Many Pakistani analysts, including Ali, say that the zealot Wahhabi groups and political parties not only frown upon pilgrimages to non-Islamic shrines, they also endorse the demolition of historical Muslim sites, and emulate Saudi Arabia in this regard.
An ideological battle
Shoaib Ashraf, a lawyer and human rights activist in Karachi, told DW that Islamist militants were bent on destroying the diverse cultural fabric of Pakistani society. "Pakistan cannot afford this kind of extremism. It is facing several crises at the moment but this is going to do an irreparable damage to the country. Pakistan will not survive if a minority forcefully imposes its extremist agenda on the majority," he warned.
Attiya Dawood, a writer and peace activist, told DW that the love for saints ran deep in hundreds of thousands of people in Pakistan and that a big number of Pakistanis went to the shrines and listened to qawwali, or Sufi music. "The Taliban want to create fear among the people by attacking their sacred places in order to restrict their social mobility and freedom," she said.
Many Pakistani analysts think that political rather than religious reasons are behind the attacks on shrines and followers of the saints, since mystical Islam provides a counter-narrative to extremist Islam and is probably the biggest ideological threat to the Wahhabis. Some believe that mystical Islam could be more effective in defeating the Taliban than any military operation.
'Support' for Wahhabi groups
Experts, however, say that the policies of the Pakistani state are not in favor of the proponents of Sufi Islam and are thus emboldening extremists. "As long as the Pakistani state and security agencies continue to use Wahhabism as a dominant state narrative, attacks on shrines and their devotees will not cease," warned Ashraf.
Historian Ali also pointed out that Wahhabi groups and organizations enjoyed state patronage and flourished at the expense of other groups, which in the past had been snubbed by the government. "It is a bit strange, because Wahhabism is a minority Sunni sect in Pakistan," Ali said.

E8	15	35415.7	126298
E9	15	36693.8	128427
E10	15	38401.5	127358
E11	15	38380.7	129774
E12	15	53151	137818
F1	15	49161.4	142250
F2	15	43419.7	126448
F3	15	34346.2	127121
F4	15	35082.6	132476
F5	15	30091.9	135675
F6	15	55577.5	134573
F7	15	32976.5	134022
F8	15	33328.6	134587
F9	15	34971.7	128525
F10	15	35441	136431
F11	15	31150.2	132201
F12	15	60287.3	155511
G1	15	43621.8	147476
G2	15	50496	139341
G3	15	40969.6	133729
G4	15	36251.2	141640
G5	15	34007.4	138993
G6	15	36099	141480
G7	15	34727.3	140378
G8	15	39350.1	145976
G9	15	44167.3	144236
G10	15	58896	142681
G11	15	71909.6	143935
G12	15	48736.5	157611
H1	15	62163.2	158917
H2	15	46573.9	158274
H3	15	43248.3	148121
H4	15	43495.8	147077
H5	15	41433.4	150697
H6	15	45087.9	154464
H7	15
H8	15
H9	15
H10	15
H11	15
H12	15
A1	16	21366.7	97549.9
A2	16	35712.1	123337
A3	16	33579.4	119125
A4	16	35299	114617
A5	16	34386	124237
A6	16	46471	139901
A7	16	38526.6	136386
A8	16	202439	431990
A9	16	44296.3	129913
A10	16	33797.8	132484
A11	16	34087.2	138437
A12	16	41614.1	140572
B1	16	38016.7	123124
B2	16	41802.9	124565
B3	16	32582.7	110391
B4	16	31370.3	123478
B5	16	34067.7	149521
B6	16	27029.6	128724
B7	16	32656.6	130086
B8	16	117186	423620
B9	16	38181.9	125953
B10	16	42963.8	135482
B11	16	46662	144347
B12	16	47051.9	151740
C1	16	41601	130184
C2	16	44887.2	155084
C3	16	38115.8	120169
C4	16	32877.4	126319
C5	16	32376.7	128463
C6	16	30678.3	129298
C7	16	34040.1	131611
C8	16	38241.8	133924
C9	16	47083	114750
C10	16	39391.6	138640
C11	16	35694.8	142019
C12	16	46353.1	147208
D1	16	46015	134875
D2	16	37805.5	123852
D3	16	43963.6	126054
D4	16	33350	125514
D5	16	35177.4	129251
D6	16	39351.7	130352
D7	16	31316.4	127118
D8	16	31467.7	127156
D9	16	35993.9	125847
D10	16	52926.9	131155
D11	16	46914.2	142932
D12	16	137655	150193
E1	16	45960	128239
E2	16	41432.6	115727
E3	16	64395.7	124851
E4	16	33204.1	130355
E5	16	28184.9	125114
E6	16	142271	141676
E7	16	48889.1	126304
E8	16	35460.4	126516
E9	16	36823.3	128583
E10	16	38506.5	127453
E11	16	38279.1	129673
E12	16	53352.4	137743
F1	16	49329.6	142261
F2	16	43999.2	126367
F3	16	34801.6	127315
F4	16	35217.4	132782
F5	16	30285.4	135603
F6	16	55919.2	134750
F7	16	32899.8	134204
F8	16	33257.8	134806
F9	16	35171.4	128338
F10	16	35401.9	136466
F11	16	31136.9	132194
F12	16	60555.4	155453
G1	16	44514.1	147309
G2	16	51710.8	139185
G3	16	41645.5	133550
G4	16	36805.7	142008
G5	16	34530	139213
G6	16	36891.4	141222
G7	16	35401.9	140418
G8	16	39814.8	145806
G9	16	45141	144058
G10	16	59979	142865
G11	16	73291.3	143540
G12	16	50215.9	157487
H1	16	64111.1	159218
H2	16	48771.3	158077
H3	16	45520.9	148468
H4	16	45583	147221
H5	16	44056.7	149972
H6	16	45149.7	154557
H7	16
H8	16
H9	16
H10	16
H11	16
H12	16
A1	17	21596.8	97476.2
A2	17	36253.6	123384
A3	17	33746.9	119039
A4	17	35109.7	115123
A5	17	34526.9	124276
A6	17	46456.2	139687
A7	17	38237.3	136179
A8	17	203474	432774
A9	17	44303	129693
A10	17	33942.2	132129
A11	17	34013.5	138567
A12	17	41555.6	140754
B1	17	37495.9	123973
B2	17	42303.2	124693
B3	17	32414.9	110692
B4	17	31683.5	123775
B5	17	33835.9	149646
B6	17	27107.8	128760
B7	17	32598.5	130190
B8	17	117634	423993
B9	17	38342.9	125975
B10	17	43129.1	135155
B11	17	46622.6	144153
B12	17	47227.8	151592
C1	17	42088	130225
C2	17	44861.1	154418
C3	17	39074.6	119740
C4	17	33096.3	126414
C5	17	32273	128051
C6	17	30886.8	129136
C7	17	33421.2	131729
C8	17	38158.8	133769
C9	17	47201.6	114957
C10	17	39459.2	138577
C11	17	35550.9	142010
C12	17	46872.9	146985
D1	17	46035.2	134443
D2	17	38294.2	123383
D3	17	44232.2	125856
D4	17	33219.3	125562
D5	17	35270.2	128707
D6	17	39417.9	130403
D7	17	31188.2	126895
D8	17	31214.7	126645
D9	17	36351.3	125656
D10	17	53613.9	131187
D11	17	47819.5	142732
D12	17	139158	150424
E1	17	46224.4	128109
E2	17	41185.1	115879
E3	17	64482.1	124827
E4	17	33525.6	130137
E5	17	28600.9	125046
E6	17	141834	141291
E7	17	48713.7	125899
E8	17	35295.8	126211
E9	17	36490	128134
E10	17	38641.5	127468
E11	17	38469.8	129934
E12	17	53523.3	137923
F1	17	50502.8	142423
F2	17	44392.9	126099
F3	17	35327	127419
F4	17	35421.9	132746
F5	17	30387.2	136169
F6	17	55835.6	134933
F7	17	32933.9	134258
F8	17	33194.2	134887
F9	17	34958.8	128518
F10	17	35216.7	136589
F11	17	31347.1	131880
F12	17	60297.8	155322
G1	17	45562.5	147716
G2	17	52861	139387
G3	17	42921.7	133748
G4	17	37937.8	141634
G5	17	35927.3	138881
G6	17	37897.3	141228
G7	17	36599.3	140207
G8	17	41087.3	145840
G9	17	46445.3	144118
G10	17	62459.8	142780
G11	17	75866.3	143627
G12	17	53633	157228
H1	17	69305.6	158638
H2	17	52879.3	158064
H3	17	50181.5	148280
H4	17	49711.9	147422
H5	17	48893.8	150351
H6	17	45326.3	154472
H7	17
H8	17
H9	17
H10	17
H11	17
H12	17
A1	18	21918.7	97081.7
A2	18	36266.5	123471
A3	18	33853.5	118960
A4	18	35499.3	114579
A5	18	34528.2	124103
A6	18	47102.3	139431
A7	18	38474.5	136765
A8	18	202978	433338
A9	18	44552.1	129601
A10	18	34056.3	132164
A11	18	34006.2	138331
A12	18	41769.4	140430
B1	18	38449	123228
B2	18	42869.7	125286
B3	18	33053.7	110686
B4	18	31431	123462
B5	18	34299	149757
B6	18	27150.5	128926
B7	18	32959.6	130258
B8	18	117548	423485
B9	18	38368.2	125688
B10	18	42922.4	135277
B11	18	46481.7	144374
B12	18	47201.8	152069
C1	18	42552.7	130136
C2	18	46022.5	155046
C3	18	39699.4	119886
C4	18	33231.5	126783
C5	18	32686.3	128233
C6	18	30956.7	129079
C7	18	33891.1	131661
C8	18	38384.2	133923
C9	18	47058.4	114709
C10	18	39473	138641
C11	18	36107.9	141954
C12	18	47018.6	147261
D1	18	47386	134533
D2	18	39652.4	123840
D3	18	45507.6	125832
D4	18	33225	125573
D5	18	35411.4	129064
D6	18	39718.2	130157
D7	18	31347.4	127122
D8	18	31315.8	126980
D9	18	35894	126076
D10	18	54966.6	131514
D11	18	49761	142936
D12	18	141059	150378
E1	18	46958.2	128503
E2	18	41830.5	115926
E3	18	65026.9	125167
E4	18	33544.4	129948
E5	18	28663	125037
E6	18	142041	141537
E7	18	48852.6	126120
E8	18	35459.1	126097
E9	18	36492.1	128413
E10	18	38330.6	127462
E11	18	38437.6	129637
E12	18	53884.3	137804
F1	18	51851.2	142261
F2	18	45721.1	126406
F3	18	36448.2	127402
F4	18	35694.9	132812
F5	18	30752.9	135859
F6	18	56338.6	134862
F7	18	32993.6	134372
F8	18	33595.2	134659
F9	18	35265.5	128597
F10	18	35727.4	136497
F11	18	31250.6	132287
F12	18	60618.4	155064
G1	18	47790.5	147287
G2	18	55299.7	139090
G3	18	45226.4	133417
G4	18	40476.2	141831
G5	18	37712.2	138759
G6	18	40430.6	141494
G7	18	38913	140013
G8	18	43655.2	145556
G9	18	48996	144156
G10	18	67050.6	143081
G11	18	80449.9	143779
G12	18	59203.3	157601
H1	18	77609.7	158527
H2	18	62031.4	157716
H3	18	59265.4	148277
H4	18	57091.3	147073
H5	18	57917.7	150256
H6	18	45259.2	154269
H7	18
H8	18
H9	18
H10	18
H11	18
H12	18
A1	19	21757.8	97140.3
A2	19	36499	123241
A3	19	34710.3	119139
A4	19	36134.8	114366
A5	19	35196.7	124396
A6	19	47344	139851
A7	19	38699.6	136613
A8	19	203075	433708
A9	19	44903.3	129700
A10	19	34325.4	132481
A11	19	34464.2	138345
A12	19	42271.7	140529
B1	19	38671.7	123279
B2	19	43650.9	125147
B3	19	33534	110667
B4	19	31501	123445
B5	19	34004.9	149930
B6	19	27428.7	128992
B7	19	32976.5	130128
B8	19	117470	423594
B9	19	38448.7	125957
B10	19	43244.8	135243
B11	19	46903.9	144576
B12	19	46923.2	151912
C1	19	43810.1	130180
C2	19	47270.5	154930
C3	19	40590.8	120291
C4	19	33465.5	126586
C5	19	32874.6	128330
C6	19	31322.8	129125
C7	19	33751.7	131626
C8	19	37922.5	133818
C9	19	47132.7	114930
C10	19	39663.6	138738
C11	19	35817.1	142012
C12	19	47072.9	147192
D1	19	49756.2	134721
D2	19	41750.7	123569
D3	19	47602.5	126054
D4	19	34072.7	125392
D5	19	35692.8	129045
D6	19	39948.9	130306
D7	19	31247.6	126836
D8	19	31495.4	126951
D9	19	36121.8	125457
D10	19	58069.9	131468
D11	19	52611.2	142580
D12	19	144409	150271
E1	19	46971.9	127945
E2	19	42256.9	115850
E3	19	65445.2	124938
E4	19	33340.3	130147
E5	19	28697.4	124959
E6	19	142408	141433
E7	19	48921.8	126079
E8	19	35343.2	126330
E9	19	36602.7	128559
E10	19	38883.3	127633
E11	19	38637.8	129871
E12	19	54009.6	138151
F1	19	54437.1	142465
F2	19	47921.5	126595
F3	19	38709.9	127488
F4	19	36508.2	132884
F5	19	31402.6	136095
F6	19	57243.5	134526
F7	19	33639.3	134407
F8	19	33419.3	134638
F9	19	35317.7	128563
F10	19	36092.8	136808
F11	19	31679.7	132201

The frequent militant attacks in Pakistan have angered the public. Many people now question the military's claim that its ongoing operation against Islamists along the Afghan border has been a success. The army says it has killed 3,500 terrorists since the launch of the Zarb-e-Azb military campaign in June 2014.
"The attacks show that the military's much-touted Zarb-e Azb operation and the National Action Plan to eradicate terrorism from Pakistani soil have been failures, despite Pakistani army chief Raheel Sharif's claims of victory," Arif Jamal, a US-based expert on security and Islamism, told DW. "The terror infrastructure is intact in the country and the militants intensify their attacks on the Pakistani state whenever they want to," he added.
Peace activists demand that the Pakistani government not only abandon its support for zealot Wahhabis, but also promote pluralistic Islam. This, they say, would not only be beneficial to Pakistani society in the long run, but would also improve the international community's image of Pakistan.